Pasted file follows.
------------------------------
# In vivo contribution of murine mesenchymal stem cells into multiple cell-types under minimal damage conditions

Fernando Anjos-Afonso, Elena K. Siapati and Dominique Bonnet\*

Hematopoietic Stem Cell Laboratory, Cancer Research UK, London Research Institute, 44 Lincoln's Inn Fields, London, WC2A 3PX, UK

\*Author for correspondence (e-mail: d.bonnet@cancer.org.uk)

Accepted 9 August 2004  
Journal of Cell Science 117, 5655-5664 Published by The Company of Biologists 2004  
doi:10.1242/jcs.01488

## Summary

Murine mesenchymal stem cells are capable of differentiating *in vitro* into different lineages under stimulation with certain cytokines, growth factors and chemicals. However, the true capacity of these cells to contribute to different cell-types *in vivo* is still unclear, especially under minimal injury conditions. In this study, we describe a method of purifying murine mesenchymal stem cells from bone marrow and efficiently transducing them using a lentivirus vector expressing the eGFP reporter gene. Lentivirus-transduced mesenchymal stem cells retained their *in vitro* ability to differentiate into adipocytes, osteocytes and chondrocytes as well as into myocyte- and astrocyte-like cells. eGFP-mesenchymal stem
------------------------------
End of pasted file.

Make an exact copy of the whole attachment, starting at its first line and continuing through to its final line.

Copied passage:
# In vivo contribution of murine mesenchymal stem cells into multiple cell-types under minimal damage conditions

Fernando Anjos-Afonso, Elena K. Siapati and Dominique Bonnet\*

Hematopoietic Stem Cell Laboratory, Cancer Research UK, London Research Institute, 44 Lincoln's Inn Fields, London, WC2A 3PX, UK

\*Author for correspondence (e-mail: d.bonnet@cancer.org.uk)

Accepted 9 August 2004  
Journal of Cell Science 117, 5655-5664 Published by The Company of Biologists 2004  
doi:10.1242/jcs.01488

## Summary

Murine mesenchymal stem cells are capable of differentiating *in vitro* into different lineages under stimulation with certain cytokines, growth factors and chemicals. However, the true capacity of these cells to contribute to different cell-types *in vivo* is still unclear, especially under minimal injury conditions. In this study, we describe a method of purifying murine mesenchymal stem cells from bone marrow and efficiently transducing them using a lentivirus vector expressing the eGFP reporter gene. Lentivirus-transduced mesenchymal stem cells retained their *in vitro* ability to differentiate into adipocytes, osteocytes and chondrocytes as well as into myocyte- and astrocyte-like cells. eGFP-mesenchymal stem